I had some extra dough starter in the fridge, and I was reading Kevin's thread on Campania from last December, and I got inspired to make his gorgeous calzoncielli filled with cheese.  Click.  I didn't have any ricotta so I used what I had in the fridge.  We had these late in the afternoon, and a dinner of risotto with mushrooms, pancetta, and peas soon followed.

Calzoncielli - filled with fresh mozarella, sheep's feta, pecorino romano,  anchovies and parsley.  Really good.  Next time I will go for the ricotta, though, if nothing else just so they fill up the pocket better.

gallery_41870_2503_46181.jpg

...

These look so good!

Even after reading Kevin's initial post you linked to (for others, the calzoncielli post is the last post on that linked page) I still have some questions.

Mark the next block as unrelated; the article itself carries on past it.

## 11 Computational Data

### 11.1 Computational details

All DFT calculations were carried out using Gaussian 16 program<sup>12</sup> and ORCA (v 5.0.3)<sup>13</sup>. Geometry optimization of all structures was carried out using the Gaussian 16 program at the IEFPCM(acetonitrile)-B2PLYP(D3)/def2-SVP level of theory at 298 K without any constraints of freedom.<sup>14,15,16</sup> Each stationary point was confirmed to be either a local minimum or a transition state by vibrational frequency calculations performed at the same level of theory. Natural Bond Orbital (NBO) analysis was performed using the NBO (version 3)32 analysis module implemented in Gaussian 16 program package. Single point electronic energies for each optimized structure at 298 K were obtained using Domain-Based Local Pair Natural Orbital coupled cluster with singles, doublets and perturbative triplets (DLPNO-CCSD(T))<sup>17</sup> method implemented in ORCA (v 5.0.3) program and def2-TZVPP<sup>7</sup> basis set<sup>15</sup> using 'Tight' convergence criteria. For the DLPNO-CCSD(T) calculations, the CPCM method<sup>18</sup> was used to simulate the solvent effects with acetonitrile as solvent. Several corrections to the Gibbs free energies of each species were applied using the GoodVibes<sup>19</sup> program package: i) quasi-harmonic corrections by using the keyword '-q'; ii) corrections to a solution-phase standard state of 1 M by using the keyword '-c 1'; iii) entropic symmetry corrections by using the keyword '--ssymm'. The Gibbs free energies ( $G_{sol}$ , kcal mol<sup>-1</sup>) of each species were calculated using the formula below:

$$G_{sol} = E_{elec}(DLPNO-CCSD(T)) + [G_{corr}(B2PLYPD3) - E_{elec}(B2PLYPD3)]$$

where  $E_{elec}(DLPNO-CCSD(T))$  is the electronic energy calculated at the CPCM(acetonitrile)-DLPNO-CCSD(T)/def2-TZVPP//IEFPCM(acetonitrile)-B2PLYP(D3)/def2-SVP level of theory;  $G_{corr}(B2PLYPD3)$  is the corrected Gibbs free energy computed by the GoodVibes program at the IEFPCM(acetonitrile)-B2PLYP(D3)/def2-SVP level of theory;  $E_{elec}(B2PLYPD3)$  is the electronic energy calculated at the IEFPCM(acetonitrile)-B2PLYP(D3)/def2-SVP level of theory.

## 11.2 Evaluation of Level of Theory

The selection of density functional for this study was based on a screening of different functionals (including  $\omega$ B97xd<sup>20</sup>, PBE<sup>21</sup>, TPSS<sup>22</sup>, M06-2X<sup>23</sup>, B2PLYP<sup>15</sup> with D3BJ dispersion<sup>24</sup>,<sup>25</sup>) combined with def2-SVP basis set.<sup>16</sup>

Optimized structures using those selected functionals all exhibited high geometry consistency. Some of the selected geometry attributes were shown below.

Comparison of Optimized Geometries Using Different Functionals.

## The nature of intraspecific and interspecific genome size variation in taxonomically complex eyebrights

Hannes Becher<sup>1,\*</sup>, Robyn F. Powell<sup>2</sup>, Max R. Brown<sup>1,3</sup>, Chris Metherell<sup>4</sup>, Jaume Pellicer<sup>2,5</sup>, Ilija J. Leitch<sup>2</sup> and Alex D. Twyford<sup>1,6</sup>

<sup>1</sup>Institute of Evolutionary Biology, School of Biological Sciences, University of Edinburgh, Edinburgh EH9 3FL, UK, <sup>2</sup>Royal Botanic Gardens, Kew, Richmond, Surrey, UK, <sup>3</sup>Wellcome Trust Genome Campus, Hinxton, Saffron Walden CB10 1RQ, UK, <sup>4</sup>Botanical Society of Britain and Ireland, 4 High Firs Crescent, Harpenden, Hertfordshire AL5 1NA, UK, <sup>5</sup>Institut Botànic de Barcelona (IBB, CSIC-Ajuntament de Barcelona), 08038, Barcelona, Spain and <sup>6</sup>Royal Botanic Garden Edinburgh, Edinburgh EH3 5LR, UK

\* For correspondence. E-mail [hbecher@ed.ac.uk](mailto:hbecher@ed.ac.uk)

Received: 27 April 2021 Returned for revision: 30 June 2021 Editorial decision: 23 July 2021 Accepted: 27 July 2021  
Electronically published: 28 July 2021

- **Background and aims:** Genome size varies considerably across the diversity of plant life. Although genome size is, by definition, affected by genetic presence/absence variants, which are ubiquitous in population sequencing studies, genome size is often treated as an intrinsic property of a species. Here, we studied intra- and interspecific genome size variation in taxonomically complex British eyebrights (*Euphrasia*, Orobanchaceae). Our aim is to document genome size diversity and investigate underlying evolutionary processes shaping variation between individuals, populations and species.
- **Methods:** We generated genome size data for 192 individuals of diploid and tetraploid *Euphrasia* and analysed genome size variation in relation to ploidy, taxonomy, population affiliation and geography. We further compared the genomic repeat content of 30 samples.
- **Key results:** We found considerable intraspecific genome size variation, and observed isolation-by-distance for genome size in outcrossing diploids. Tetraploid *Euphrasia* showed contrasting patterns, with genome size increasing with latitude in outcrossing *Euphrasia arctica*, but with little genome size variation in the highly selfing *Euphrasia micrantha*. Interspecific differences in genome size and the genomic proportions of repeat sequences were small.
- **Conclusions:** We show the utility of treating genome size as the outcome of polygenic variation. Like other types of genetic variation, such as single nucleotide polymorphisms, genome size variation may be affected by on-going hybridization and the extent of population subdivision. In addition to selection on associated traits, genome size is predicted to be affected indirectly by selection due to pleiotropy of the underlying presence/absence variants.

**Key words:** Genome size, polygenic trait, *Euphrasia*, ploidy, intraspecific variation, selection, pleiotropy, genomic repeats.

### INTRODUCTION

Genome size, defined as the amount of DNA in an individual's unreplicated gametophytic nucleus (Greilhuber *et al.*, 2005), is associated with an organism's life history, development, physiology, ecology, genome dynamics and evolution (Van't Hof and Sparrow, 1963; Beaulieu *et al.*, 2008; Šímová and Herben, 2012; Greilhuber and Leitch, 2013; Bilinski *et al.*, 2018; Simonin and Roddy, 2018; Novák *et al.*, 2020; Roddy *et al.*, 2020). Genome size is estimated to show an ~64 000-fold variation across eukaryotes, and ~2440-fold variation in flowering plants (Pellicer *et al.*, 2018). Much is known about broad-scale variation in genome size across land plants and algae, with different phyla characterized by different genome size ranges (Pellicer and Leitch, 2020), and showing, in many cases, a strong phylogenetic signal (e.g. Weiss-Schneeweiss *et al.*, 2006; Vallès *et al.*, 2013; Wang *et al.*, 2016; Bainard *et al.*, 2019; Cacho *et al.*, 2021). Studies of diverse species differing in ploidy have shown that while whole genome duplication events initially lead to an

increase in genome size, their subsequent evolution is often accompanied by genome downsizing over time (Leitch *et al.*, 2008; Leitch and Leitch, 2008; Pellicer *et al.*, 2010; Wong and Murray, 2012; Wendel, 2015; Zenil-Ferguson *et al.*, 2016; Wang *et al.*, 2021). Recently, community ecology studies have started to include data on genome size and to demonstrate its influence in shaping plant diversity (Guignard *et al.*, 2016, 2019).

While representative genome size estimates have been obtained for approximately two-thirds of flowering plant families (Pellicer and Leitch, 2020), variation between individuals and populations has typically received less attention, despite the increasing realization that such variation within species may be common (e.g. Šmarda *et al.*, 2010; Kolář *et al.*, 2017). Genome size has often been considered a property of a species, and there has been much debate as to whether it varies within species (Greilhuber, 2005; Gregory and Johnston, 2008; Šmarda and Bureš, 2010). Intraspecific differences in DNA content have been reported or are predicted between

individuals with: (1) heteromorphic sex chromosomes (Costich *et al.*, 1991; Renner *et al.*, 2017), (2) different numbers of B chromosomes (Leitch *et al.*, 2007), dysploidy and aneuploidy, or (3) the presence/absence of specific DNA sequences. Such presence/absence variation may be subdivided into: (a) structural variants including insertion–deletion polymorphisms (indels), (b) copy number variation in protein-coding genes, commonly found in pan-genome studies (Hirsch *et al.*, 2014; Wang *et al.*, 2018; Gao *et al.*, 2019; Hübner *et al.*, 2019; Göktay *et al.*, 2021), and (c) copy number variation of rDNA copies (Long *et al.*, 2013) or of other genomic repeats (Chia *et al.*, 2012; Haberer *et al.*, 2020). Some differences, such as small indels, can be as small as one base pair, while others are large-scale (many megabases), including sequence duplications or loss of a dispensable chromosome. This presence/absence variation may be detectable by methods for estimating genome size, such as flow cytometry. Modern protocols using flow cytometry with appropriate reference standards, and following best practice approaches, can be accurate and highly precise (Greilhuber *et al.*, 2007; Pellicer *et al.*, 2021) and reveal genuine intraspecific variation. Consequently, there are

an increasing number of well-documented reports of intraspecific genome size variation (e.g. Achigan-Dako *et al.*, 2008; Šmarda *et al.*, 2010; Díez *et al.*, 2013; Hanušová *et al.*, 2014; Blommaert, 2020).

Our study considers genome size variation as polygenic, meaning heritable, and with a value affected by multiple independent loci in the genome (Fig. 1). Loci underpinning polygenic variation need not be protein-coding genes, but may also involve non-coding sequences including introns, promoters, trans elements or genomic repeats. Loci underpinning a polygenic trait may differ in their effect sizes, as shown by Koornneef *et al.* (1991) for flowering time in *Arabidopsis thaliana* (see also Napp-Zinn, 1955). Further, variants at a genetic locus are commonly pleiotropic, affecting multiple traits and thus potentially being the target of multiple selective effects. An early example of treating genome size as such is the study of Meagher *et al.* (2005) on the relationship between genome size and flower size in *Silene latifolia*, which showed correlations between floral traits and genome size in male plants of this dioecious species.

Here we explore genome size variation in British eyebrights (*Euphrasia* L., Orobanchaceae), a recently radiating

Is the dough a standard pizza/calzone dough? And is it deep fried or baked?

I guess that the dough would be left to rise again after forming the rolls and before cooking them.

Thank you, sorry if I'm missing the obvious... :smile:


"Under the dusty almond trees, ... stalls were set up which sold banana liquor, rolls, blood puddings, chopped fried meat, meat pies, sausage, yucca breads, crullers, buns, corn breads, puff pastes, longanizas, tripes, coconut nougats, rum toddies, along with all sorts of trifles, gewgaws, trinkets, and knickknacks, and cockfights and lottery tickets."

-- Gabriel Garcia Marquez, 1962 "Big Mama's Funeral"

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I use a standard pizza dough recipe for mine. I don't let them sit for a second rise after stuffing, other than the time it takes to stuff them all and bring the oil up to temp. They freeze very well.